Thursday, December 13, 2007

Quitters Win

(Part One)
Earlier today I was writing to a friend with whom I haven't spoken in months. I wrote him that I'm discouraged about my music. Again. I've had no luck with TAXI.com (the service that hooks up musicians with people who want to buy songs for film/tv placement or for another artist to record). But more disturbing than my failure to sell my songs, is my indifference to music. I'm disappointed at how driven I'm not. Years ago, I wrote songs as a way to deal with confusion and pain, a way to make sense of life and sort through how I felt about things. Music just came out of me without even trying. It was what I needed to do, like eating and breathing. That was my relationship with music. I knew I was a musician because it was just what I did.

Now I suspect that music was just a coping mechanism. I wrote, performed and recorded the most music when I was the most miserable. Now that I've finally (at the age of 41) settled into a wonderful, domestic relationship with a man who makes me happy, I just don't get the same high from making music. I don't even get the same pleasure from it. I rarely practice my songs, have no interest in performing and haven't written a song in - years? And I really don't care!

In September I joined a community choir and worked for three months to prepare for a Christmas concert. I should be at that concert right now, but tonight I'm sick and have almost no speaking voice. Singing is out of the question. Yet I don't feel very disappointed. I'm missing out on performing all this Christmas music with beautiful harmonies and a full orchestra and I'm like "Eh, so what." That's not how I'm used to feeling about music!

So I'm confused and feeling like I'm really not a musician. How can I be when making music seems so much a a part of my past? I don't know. Maybe I'm really one of those people who tries to enjoy their job (once I find one), but doesn't really have any true bliss in their life and feels dissatisfied, like something's missing, but doesn't know what to do because they don't think of themselves as an artist of any kind. Ugh.

(Part Two)
Later in the afternoon I picked up the January 2008 issue of Oprah magazine. It has two articles that feel relevant to my situation with music. In one of them, "Know When to Fold 'Em," Martha Beck describes how great quitting can be. I'll paraphrase. Psychologists Gregory Miller and Carsten Wrosch studied two groups of people: ones who hate to quit and ones who tend to give up in the face of what appear to be insurmountable difficulties. The second group had a lot fewer health problems than the first (such as digestive trouble and skin rashes -- my two lifelong burdens!) and had fewer signs of psychological stress. Miller and Wrosch found that people who try but don't succeed eventually become depressed at their ongoing failure. Those who give up earlier do better psychologically than those who keep trying and keep feeling like failures.

Quitters are better off than try-try-again-ers!

The other article seems to contradict the first and I wonder why the O Magazine staff put them in the same issue. In "The Willpower Myth" Stephanie Losee explains that the key to real change, whether it's adjusting diet and exercise to avoid another heart attack or getting off drugs and learning to keep a job, is having a mentor you can truly relate to. She writes that having a relationship with someone who's like you, but has succeeded where you have failed, has a powerful effect on one's self-image. In other words, if you're looking at someone in whom you can see yourself, you think, "If she can do it, I can."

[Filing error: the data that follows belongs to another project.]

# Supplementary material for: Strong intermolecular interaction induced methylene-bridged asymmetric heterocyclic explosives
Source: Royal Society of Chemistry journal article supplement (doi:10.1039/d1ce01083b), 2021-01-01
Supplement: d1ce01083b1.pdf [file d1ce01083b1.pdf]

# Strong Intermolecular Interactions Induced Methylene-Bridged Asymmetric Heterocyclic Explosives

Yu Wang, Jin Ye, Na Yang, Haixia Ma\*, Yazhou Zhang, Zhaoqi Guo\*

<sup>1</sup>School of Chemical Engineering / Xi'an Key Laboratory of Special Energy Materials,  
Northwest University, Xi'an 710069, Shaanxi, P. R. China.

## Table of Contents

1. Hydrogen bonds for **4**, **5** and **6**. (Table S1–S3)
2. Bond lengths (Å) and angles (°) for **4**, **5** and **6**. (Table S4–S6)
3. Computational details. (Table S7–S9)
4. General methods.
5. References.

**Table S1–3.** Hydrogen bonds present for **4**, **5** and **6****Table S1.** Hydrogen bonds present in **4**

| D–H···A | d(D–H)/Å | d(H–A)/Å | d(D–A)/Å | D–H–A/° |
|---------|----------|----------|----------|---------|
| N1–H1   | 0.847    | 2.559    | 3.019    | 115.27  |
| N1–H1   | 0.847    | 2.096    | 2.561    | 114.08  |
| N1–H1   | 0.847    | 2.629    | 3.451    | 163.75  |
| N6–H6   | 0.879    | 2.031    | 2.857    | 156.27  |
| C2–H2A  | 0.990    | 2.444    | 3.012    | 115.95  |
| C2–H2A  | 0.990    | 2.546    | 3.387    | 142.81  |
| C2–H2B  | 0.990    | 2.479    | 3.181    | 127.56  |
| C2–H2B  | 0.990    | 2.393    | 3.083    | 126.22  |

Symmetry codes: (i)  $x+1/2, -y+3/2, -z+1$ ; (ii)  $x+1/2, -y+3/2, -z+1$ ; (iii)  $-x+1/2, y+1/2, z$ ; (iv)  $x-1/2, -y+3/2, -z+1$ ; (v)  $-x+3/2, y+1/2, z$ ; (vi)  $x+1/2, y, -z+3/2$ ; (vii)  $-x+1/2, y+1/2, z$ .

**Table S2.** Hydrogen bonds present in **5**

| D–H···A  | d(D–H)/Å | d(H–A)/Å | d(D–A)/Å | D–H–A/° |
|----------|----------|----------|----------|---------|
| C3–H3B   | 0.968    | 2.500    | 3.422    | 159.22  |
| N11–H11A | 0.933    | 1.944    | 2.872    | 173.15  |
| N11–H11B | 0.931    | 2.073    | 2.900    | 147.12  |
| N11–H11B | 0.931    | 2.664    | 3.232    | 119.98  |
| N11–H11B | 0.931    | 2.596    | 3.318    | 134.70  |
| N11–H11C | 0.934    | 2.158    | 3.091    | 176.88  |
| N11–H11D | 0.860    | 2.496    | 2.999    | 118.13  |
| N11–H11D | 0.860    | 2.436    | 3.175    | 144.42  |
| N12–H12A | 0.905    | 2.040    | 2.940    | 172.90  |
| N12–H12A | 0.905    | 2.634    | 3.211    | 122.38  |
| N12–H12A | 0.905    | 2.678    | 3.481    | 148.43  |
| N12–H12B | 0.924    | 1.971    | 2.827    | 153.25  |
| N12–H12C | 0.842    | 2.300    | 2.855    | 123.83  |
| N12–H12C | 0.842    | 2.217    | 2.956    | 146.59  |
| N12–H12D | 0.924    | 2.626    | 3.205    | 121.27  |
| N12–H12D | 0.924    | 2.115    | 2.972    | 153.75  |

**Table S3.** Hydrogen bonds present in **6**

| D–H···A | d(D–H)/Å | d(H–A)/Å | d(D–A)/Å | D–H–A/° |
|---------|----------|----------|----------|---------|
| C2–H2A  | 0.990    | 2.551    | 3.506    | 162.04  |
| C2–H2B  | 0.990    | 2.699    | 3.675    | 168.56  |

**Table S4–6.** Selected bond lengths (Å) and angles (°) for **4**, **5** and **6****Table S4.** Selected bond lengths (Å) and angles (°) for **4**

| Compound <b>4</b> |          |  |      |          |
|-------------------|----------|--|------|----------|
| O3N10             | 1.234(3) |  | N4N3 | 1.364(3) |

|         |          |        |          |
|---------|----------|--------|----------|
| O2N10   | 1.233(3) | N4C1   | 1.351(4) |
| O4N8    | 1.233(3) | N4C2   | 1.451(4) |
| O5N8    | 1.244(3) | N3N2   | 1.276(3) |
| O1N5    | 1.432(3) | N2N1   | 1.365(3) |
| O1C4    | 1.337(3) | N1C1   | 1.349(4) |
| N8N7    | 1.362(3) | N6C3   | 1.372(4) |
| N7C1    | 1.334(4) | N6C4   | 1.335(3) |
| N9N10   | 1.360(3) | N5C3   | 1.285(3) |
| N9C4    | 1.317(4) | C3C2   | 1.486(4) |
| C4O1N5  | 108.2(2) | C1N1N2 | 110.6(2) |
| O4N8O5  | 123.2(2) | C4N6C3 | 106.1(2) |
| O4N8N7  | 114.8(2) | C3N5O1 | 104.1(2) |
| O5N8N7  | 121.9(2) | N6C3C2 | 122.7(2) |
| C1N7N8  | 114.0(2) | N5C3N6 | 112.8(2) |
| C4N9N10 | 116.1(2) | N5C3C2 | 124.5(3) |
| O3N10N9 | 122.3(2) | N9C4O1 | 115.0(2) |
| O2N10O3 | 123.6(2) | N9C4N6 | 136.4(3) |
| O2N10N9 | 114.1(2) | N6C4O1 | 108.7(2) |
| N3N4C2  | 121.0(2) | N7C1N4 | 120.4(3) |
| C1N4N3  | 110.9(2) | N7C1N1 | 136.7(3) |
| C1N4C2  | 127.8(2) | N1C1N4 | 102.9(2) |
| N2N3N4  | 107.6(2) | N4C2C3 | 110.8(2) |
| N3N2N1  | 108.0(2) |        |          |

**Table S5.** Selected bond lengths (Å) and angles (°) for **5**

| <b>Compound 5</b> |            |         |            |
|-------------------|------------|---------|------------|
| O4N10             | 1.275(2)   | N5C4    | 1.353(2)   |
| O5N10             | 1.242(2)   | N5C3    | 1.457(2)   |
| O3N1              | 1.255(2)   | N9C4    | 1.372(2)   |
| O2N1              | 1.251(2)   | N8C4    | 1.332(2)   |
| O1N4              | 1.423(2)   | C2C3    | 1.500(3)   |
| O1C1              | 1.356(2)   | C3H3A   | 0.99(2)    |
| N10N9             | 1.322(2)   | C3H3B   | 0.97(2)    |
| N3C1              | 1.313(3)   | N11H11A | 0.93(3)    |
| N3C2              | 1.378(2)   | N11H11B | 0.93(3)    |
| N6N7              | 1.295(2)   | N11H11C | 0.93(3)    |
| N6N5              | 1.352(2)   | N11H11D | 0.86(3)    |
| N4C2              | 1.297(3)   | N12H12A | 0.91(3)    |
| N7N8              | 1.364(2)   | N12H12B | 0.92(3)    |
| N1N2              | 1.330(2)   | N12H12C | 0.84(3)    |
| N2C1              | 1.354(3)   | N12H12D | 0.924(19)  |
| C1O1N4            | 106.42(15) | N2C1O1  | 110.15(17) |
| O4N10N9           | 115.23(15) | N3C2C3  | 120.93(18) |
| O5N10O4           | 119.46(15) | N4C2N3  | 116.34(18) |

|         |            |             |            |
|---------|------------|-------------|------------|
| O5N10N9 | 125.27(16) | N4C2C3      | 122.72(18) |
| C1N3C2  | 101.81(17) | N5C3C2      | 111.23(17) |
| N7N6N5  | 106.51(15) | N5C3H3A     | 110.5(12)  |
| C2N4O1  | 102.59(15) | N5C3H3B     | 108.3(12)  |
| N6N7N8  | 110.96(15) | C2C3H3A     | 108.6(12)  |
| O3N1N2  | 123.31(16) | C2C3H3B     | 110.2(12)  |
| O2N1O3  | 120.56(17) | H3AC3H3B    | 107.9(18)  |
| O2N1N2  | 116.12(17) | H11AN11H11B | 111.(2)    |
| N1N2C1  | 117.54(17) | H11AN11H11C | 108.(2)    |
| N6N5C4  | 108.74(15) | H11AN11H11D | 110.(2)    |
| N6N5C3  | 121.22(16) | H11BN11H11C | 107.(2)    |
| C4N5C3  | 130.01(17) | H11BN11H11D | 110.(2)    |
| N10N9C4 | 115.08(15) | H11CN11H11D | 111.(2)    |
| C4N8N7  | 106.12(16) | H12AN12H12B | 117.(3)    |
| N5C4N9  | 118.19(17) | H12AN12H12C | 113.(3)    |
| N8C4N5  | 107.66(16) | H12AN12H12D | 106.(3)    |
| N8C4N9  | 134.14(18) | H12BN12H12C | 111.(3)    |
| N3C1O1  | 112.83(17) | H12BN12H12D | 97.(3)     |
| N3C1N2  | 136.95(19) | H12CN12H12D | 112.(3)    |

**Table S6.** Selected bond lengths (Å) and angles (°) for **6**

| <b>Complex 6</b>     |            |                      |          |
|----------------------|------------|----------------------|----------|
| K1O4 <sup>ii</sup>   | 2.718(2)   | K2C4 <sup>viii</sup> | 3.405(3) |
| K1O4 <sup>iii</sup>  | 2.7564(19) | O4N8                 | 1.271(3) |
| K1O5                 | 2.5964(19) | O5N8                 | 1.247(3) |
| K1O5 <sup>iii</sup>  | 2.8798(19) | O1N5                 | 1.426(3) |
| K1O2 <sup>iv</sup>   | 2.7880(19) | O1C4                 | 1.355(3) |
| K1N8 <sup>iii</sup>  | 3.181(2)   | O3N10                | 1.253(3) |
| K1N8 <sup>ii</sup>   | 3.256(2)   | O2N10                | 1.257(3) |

This makes sense to me. If I hear that Carny Wilson successfully lost 100 pounds, I think, "Of course. Wealthy, famous people can do whatever they want. But I can't." The same will happen if I hear Bonnie Raitt's long tale of paying dues before she got famous. Her background and resources were so different from mine, it's not an inspiring story. It just confirms that I don't have what it takes to be a successful musician (and by "successful" I mean "paid").

But if I were to meet another middle class, Anglo-raised, Hispanic, older woman who had no musicians or musical resources in her family or environment, who spent the first half of her life having nothing to do with music, but who then changed her whole life to become a successful (PAID) singer, that might make me start to think there's hope for me. Specifically, I'd need hope that I someone will pay me for my songs and I can earn at least part of a living from music.

I've always regretted the lack of true role models in my life. I've never met anyone who served as a mentor for me, mainly because I've lived my life in the white, dominant U.S. culture and few people in that culture look like me. I've wondered what could be possible for me if I didn't always to have to forge my own path, hoping I'm getting things right.

After reading these two articles, I'm wondering: do I seek out a role model I can relate to and be inspired by, someone with whom I have enough in common that I can believe that what was possible for her is possible for me? Or just give up? I have to say, I'm not feeling very motivated to begin a big long search for a singer like me with whom I can forge an inspiring relationship.

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